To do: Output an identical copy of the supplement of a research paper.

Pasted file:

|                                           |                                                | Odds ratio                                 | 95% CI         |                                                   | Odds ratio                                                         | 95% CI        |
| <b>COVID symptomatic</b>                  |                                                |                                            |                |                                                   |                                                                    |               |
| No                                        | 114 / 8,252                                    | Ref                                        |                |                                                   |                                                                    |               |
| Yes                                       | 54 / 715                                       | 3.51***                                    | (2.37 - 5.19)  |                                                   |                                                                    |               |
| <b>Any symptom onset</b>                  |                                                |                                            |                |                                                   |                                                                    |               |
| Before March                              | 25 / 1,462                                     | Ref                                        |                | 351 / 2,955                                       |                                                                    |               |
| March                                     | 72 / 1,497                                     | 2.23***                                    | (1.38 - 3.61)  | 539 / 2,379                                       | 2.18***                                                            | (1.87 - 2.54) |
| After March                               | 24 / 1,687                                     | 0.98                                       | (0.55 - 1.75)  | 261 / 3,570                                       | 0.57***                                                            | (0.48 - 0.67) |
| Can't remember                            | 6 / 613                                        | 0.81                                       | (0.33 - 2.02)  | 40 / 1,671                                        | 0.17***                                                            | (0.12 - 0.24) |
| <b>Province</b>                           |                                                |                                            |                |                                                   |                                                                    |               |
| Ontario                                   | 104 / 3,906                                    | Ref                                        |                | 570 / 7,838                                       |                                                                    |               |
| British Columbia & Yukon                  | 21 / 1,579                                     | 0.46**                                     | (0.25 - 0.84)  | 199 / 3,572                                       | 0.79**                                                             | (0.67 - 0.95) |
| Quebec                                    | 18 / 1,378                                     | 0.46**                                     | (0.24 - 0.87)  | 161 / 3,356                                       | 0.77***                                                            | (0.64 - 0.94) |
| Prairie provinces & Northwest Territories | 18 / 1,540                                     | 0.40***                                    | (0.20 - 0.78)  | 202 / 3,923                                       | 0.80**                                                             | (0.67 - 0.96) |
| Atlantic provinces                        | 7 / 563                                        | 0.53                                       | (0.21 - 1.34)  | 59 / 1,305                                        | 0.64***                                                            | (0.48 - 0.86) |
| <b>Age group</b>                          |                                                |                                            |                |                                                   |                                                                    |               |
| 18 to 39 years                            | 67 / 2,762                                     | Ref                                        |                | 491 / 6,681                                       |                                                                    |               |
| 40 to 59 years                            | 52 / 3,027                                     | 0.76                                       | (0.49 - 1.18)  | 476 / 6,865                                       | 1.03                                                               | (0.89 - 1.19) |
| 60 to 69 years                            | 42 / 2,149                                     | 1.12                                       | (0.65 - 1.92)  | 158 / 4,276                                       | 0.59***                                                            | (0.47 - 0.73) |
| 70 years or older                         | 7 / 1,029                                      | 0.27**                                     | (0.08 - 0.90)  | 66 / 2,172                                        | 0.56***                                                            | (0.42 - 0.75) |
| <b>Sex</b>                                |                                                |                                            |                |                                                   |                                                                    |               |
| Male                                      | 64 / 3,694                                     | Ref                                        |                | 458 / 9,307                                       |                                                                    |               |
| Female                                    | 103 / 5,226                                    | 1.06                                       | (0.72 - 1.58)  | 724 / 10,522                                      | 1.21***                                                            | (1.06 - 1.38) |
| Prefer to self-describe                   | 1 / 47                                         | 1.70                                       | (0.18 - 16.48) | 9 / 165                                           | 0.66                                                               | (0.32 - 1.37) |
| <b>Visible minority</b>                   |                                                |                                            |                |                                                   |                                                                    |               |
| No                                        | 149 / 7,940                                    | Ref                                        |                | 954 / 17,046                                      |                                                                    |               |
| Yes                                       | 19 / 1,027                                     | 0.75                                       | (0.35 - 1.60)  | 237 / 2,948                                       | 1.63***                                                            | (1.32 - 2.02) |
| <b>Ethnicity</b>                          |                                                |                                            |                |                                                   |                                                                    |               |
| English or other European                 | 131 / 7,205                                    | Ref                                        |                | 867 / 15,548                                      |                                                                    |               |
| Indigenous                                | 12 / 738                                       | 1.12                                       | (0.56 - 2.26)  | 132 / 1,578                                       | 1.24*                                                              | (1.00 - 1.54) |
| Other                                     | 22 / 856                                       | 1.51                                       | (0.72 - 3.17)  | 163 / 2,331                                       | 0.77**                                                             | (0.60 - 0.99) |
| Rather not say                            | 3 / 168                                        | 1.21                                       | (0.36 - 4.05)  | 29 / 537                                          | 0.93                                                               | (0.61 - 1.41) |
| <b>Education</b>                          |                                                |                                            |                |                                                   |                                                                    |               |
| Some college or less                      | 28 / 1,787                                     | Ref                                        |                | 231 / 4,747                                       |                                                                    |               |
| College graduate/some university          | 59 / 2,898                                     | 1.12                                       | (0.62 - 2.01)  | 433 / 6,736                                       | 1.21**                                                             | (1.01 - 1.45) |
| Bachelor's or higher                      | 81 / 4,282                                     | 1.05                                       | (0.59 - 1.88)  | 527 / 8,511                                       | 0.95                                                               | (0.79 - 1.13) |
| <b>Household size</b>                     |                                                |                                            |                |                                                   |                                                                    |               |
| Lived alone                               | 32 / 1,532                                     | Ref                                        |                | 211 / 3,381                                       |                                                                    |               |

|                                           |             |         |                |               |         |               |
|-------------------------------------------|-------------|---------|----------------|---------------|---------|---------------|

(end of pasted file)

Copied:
|                                           |                                                | Odds ratio                                 | 95% CI         |                                                   | Odds ratio                                                         | 95% CI        |
| <b>COVID symptomatic</b>                  |                                                |                                            |                |                                                   |                                                                    |               |
| No                                        | 114 / 8,252                                    | Ref                                        |                |                                                   |                                                                    |               |
| Yes                                       | 54 / 715                                       | 3.51***                                    | (2.37 - 5.19)  |                                                   |                                                                    |               |
| <b>Any symptom onset</b>                  |                                                |                                            |                |                                                   |                                                                    |               |
| Before March                              | 25 / 1,462                                     | Ref                                        |                | 351 / 2,955                                       |                                                                    |               |
| March                                     | 72 / 1,497                                     | 2.23***                                    | (1.38 - 3.61)  | 539 / 2,379                                       | 2.18***                                                            | (1.87 - 2.54) |
| After March                               | 24 / 1,687                                     | 0.98                                       | (0.55 - 1.75)  | 261 / 3,570                                       | 0.57***                                                            | (0.48 - 0.67) |
| Can't remember                            | 6 / 613                                        | 0.81                                       | (0.33 - 2.02)  | 40 / 1,671                                        | 0.17***                                                            | (0.12 - 0.24) |
| <b>Province</b>                           |                                                |                                            |                |                                                   |                                                                    |               |
| Ontario                                   | 104 / 3,906                                    | Ref                                        |                | 570 / 7,838                                       |                                                                    |               |
| British Columbia & Yukon                  | 21 / 1,579                                     | 0.46**                                     | (0.25 - 0.84)  | 199 / 3,572                                       | 0.79**                                                             | (0.67 - 0.95) |
| Quebec                                    | 18 / 1,378                                     | 0.46**                                     | (0.24 - 0.87)  | 161 / 3,356                                       | 0.77***                                                            | (0.64 - 0.94) |
| Prairie provinces & Northwest Territories | 18 / 1,540                                     | 0.40***                                    | (0.20 - 0.78)  | 202 / 3,923                                       | 0.80**                                                             | (0.67 - 0.96) |
| Atlantic provinces                        | 7 / 563                                        | 0.53                                       | (0.21 - 1.34)  | 59 / 1,305                                        | 0.64***                                                            | (0.48 - 0.86) |
| <b>Age group</b>                          |                                                |                                            |                |                                                   |                                                                    |               |
| 18 to 39 years                            | 67 / 2,762                                     | Ref                                        |                | 491 / 6,681                                       |                                                                    |               |
| 40 to 59 years                            | 52 / 3,027                                     | 0.76                                       | (0.49 - 1.18)  | 476 / 6,865                                       | 1.03                                                               | (0.89 - 1.19) |
| 60 to 69 years                            | 42 / 2,149                                     | 1.12                                       | (0.65 - 1.92)  | 158 / 4,276                                       | 0.59***                                                            | (0.47 - 0.73) |
| 70 years or older                         | 7 / 1,029                                      | 0.27**                                     | (0.08 - 0.90)  | 66 / 2,172                                        | 0.56***                                                            | (0.42 - 0.75) |
| <b>Sex</b>                                |                                                |                                            |                |                                                   |                                                                    |               |
| Male                                      | 64 / 3,694                                     | Ref                                        |                | 458 / 9,307                                       |                                                                    |               |
| Female                                    | 103 / 5,226                                    | 1.06                                       | (0.72 - 1.58)  | 724 / 10,522                                      | 1.21***                                                            | (1.06 - 1.38) |
| Prefer to self-describe                   | 1 / 47                                         | 1.70                                       | (0.18 - 16.48) | 9 / 165                                           | 0.66                                                               | (0.32 - 1.37) |
| <b>Visible minority</b>                   |                                                |                                            |                |                                                   |                                                                    |               |
| No                                        | 149 / 7,940                                    | Ref                                        |                | 954 / 17,046                                      |                                                                    |               |
| Yes                                       | 19 / 1,027                                     | 0.75                                       | (0.35 - 1.60)  | 237 / 2,948                                       | 1.63***                                                            | (1.32 - 2.02) |
| <b>Ethnicity</b>                          |                                                |                                            |                |                                                   |                                                                    |               |
| English or other European                 | 131 / 7,205                                    | Ref                                        |                | 867 / 15,548                                      |                                                                    |               |
| Indigenous                                | 12 / 738                                       | 1.12                                       | (0.56 - 2.26)  | 132 / 1,578                                       | 1.24*                                                              | (1.00 - 1.54) |
| Other                                     | 22 / 856                                       | 1.51                                       | (0.72 - 3.17)  | 163 / 2,331                                       | 0.77**                                                             | (0.60 - 0.99) |
| Rather not say                            | 3 / 168                                        | 1.21                                       | (0.36 - 4.05)  | 29 / 537                                          | 0.93                                                               | (0.61 - 1.41) |
| <b>Education</b>                          |                                                |                                            |                |                                                   |                                                                    |               |
| Some college or less                      | 28 / 1,787                                     | Ref                                        |                | 231 / 4,747                                       |                                                                    |               |
| College graduate/some university          | 59 / 2,898                                     | 1.12                                       | (0.62 - 2.01)  | 433 / 6,736                                       | 1.21**                                                             | (1.01 - 1.45) |
| Bachelor's or higher                      | 81 / 4,282                                     | 1.05                                       | (0.59 - 1.88)  | 527 / 8,511                                       | 0.95                                                               | (0.79 - 1.13) |
| <b>Household size</b>                     |                                                |                                            |                |                                                   |                                                                    |               |
| Lived alone                               | 32 / 1,532                                     | Ref                                        |                | 211 / 3,381                                       |                                                                    |               |

|                                           |             |         |                |               |         |               |
|-------------------------------------------|-------------|---------|----------------|---------------|---------|---------------|